Thursday, 14 May 2015

Muscardinus avellanarius - Getting to know the Hazel Dormouse

The Hazel Dormouse is a very endearing looking animal.  The fascination with this animal is so often enhanced due to how it appears to us - in books, images and paintings.  Often in a curled up state of cuteness.  Indeed, even I have portrayed it in this way.

Their name is thought to originate from the French word of dormer, which means to sleep.   They go into this state of torpor when hibernating in winter.

The Dormouse is protected - it is illegal to disturb, kill or injure, capture or possess as Dormouse or to damage or destroy its place of nesting.  I have often accompanied Licensed Dormouse Surveyors on surveys, and this license is a strict requirement if studying this creature and if there is the need to then handle and disturb them for monitoring purposes.

For further information on this species the Peoples Trust for Endangered Species has a fantastic website full of facts and figures and up to date reports on the status of Dormice and other animals.

My home county of Hampshire has its own Dormouse Group, as do several other counties.  There are often activities that you can become involved in.

Back to the artwork.  One of my latest commissions involves a Dormouse.  Not one in torpor I hasten to add, but a more active looking one !  So on with the research.

Checking my reference images.  The photo above is of a deceased Dormouse that a previous work colleague found.  He brought it back to the office and I was able to make some notes and take measurements.

I really wanted to get a closer look at the subject.  So back to one of my favourite places, the museum service and access to their natural sciences collection.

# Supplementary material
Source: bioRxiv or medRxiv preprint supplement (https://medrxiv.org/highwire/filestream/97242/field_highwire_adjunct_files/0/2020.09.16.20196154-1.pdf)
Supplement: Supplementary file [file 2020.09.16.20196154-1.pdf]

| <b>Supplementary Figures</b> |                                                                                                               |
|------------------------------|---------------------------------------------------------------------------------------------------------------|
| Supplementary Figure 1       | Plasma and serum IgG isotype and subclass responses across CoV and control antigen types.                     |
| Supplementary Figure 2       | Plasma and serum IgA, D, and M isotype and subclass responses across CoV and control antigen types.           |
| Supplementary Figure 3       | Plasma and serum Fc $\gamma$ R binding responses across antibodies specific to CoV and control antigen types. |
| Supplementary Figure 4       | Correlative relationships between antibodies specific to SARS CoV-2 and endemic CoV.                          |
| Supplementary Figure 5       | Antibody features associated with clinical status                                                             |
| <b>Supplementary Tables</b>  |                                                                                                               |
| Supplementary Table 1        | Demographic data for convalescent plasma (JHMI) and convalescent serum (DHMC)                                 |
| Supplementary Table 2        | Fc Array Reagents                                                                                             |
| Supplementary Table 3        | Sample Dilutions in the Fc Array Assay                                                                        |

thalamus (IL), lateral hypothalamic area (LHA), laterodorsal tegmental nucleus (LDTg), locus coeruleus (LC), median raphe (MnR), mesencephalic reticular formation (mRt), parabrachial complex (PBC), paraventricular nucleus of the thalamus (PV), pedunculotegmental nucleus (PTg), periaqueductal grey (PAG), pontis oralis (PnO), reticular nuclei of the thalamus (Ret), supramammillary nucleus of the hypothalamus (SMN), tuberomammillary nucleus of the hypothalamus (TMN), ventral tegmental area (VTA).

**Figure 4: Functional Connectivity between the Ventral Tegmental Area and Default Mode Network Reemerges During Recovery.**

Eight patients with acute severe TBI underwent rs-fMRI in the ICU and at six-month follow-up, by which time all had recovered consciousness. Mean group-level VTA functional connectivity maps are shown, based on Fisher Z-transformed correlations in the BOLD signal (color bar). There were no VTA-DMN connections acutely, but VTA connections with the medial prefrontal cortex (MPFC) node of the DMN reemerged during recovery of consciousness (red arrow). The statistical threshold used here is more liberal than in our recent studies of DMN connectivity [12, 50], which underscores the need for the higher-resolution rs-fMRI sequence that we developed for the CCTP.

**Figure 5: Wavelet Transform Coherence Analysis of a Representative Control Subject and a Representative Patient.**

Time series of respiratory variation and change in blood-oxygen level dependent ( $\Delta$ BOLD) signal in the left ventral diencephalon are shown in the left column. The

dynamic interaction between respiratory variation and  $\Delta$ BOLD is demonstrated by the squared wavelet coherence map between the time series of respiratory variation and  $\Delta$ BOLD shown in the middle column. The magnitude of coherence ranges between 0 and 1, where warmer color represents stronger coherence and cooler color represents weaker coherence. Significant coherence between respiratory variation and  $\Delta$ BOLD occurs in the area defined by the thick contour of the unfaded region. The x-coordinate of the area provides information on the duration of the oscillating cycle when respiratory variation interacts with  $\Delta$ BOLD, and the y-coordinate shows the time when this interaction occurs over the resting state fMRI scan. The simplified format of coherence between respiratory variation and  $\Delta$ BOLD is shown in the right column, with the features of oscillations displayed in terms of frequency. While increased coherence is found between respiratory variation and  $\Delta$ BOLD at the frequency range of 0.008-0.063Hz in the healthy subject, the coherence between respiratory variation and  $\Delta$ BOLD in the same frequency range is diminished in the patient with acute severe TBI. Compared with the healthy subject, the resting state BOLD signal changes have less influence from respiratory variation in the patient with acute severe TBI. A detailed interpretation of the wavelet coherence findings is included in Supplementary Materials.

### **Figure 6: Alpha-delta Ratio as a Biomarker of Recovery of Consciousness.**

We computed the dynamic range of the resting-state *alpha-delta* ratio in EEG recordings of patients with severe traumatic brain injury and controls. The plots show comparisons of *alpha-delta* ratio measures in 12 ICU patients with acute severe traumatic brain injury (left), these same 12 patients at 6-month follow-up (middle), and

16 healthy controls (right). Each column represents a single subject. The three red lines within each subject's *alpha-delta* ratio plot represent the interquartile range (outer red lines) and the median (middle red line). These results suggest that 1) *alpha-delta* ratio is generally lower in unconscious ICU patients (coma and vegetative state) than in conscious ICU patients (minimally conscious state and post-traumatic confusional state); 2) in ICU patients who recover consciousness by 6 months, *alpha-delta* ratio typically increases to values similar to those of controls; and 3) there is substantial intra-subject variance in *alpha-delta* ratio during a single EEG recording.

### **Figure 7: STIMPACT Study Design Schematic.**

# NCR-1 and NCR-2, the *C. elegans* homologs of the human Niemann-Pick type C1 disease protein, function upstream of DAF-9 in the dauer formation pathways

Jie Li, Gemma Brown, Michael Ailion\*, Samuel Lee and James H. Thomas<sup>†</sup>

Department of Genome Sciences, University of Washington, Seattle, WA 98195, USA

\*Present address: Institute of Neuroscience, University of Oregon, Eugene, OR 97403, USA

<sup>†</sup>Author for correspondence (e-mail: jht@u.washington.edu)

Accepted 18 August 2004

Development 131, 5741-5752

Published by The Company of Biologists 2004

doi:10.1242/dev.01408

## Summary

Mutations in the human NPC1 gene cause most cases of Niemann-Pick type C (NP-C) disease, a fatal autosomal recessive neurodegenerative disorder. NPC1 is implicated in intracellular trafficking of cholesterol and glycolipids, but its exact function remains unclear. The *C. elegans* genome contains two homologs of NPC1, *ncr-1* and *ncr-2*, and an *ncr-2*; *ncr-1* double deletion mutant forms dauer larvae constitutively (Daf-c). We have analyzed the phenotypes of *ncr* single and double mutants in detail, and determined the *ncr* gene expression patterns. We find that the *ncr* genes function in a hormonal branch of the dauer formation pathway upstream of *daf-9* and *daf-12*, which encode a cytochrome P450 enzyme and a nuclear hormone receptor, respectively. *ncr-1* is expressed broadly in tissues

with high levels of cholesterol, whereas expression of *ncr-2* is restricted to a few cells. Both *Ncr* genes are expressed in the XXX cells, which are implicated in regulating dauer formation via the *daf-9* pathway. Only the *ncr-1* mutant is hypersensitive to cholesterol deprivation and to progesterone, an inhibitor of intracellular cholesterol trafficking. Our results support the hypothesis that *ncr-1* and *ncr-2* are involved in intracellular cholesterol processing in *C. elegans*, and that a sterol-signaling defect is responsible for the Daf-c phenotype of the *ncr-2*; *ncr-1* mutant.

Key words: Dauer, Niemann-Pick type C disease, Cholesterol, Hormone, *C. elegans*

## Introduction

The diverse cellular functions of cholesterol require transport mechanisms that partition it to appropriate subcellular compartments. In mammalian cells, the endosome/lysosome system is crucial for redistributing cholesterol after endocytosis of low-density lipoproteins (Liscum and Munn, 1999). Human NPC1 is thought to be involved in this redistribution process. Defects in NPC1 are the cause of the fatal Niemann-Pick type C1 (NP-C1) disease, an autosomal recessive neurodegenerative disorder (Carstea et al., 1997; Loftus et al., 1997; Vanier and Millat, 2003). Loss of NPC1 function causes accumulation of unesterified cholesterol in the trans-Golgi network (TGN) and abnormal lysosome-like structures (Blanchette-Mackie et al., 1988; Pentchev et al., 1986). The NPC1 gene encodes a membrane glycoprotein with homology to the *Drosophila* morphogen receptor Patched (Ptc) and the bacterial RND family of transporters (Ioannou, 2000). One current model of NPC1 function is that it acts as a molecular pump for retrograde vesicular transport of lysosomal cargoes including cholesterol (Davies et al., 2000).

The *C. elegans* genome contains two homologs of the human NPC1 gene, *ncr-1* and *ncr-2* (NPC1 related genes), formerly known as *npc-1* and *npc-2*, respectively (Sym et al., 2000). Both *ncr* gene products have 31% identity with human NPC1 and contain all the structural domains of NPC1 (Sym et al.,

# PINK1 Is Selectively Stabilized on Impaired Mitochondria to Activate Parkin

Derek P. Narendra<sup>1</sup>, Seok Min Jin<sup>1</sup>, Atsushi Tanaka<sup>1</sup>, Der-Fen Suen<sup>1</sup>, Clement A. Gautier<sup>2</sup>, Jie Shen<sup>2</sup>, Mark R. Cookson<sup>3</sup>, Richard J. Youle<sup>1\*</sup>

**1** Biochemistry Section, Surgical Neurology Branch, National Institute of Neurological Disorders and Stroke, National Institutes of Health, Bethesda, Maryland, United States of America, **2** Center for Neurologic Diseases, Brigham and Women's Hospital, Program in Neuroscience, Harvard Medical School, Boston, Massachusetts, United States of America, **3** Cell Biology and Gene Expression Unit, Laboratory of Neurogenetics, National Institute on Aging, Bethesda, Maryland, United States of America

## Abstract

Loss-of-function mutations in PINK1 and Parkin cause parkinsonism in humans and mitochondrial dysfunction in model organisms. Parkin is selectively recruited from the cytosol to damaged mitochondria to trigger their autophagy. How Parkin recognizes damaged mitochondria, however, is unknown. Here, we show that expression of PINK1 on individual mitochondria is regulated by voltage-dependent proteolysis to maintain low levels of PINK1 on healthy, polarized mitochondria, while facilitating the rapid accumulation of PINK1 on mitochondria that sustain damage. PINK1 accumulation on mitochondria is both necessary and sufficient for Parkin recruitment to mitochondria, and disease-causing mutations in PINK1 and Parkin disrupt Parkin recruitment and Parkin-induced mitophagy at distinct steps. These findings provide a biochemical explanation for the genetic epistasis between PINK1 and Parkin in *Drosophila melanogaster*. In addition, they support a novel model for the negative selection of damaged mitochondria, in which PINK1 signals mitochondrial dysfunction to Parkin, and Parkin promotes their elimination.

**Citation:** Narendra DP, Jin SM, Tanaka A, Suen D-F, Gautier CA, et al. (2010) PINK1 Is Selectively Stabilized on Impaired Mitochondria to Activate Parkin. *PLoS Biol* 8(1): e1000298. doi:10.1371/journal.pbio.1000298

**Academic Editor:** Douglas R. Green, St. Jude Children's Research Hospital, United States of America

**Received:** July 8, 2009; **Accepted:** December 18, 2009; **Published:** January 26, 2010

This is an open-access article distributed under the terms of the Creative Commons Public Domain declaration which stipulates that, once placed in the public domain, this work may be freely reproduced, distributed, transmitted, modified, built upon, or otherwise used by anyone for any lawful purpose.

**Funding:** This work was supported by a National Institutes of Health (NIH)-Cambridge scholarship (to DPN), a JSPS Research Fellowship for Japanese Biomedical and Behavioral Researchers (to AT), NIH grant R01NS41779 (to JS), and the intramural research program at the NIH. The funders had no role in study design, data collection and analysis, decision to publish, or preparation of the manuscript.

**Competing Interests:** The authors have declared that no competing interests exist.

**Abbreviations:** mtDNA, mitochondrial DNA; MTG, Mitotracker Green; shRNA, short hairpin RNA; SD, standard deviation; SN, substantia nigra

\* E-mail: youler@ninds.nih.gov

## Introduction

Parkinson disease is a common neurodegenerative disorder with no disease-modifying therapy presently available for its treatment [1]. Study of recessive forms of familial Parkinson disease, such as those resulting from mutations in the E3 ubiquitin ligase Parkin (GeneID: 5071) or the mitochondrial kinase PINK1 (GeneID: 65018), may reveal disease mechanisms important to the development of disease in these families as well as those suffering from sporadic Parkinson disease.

One specimen was available for me to view and study, and I was very lucky that it was posed in an ideal position.

Working from photographs is sometimes the only option, but being able to have the subject in front of you makes all of the difference, as you get an accurate sense of scale and colour, as well as the opportunity to take measurements. 

Of course, it helps even more when the taxidermy specimen is a good one.  As I mentioned in a previous post, those from the Victorian era, do sometimes have some unusual poses !

My completed study page.  As well as this information helping me with my current commission, it helps to build up what I like to call my 'resource bank'.

Once I had finished the study, I spent a short while drawing a tiny Shrew as well.

There will be more news on the Dormouse in a later post, but in the meantime I am busy preparing for the Kingcombe Arts Weekend in Dorset.
This will be at the picturesque Kingcombe Centre which is surrounded by the Kingcombe Meadows Nature Reserve.
Why not come along and say hello !
I will hopefully be launching a new lino-print that I have created as part of the Art & the Hedgerow Project, as well as a new range of greetings cards which are all limited editions and hand finished, printed on Somerset authentic fine art paper, made by St. Cuthberts Mill.